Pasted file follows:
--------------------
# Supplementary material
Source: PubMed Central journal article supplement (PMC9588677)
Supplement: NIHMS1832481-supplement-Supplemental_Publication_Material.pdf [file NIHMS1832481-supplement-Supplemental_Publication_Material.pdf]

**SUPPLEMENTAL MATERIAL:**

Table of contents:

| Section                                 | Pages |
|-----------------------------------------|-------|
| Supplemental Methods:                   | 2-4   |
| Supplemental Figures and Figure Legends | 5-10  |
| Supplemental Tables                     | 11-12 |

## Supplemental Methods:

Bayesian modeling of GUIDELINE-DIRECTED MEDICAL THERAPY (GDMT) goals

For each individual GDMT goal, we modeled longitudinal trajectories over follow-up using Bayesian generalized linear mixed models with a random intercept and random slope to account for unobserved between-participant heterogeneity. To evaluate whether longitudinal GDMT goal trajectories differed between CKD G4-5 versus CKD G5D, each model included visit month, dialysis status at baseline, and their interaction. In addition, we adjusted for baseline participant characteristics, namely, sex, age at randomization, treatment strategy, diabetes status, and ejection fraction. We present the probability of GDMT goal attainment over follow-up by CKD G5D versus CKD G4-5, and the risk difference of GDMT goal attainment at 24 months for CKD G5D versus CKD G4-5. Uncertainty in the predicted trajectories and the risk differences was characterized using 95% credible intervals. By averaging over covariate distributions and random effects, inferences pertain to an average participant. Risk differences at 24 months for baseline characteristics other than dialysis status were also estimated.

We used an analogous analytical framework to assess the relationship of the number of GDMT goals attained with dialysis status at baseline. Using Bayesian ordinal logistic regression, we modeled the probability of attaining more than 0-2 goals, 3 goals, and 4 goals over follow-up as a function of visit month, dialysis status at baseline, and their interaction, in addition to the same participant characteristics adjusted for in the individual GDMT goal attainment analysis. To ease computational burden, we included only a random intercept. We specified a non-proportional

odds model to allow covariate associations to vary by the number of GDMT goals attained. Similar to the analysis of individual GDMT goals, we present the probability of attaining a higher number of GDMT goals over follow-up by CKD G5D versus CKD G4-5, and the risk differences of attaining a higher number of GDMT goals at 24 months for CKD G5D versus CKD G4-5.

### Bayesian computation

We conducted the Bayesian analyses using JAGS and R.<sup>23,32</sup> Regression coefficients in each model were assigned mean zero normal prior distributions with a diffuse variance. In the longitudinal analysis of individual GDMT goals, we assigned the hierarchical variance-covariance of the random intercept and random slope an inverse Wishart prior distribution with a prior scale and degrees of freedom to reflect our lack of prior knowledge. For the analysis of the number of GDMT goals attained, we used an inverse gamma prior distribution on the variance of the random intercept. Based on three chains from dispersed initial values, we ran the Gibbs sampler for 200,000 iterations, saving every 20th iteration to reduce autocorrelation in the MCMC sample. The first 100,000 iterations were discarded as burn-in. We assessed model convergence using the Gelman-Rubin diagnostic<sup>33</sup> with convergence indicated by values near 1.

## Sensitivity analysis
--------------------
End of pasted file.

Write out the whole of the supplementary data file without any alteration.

# Supplementary material
Source: PubMed Central journal article supplement (PMC9588677)
Supplement: NIHMS1832481-supplement-Supplemental_Publication_Material.pdf [file NIHMS1832481-supplement-Supplemental_Publication_Material.pdf]

**SUPPLEMENTAL MATERIAL:**

Table of contents:

| Section                                 | Pages |
|-----------------------------------------|-------|
| Supplemental Methods:                   | 2-4   |
| Supplemental Figures and Figure Legends | 5-10  |
| Supplemental Tables                     | 11-12 |

## Supplemental Methods:

Bayesian modeling of GUIDELINE-DIRECTED MEDICAL THERAPY (GDMT) goals

For each individual GDMT goal, we modeled longitudinal trajectories over follow-up using Bayesian generalized linear mixed models with a random intercept and random slope to account for unobserved between-participant heterogeneity. To evaluate whether longitudinal GDMT goal trajectories differed between CKD G4-5 versus CKD G5D, each model included visit month, dialysis status at baseline, and their interaction. In addition, we adjusted for baseline participant characteristics, namely, sex, age at randomization, treatment strategy, diabetes status, and ejection fraction. We present the probability of GDMT goal attainment over follow-up by CKD G5D versus CKD G4-5, and the risk difference of GDMT goal attainment at 24 months for CKD G5D versus CKD G4-5. Uncertainty in the predicted trajectories and the risk differences was characterized using 95% credible intervals. By averaging over covariate distributions and random effects, inferences pertain to an average participant. Risk differences at 24 months for baseline characteristics other than dialysis status were also estimated.

We used an analogous analytical framework to assess the relationship of the number of GDMT goals attained with dialysis status at baseline. Using Bayesian ordinal logistic regression, we modeled the probability of attaining more than 0-2 goals, 3 goals, and 4 goals over follow-up as a function of visit month, dialysis status at baseline, and their interaction, in addition to the same participant characteristics adjusted for in the individual GDMT goal attainment analysis. To ease computational burden, we included only a random intercept. We specified a non-proportional

odds model to allow covariate associations to vary by the number of GDMT goals attained. Similar to the analysis of individual GDMT goals, we present the probability of attaining a higher number of GDMT goals over follow-up by CKD G5D versus CKD G4-5, and the risk differences of attaining a higher number of GDMT goals at 24 months for CKD G5D versus CKD G4-5.

### Bayesian computation

We conducted the Bayesian analyses using JAGS and R.<sup>23,32</sup> Regression coefficients in each model were assigned mean zero normal prior distributions with a diffuse variance. In the longitudinal analysis of individual GDMT goals, we assigned the hierarchical variance-covariance of the random intercept and random slope an inverse Wishart prior distribution with a prior scale and degrees of freedom to reflect our lack of prior knowledge. For the analysis of the number of GDMT goals attained, we used an inverse gamma prior distribution on the variance of the random intercept. Based on three chains from dispersed initial values, we ran the Gibbs sampler for 200,000 iterations, saving every 20th iteration to reduce autocorrelation in the MCMC sample. The first 100,000 iterations were discarded as burn-in. We assessed model convergence using the Gelman-Rubin diagnostic<sup>33</sup> with convergence indicated by values near 1.

## Sensitivity analysis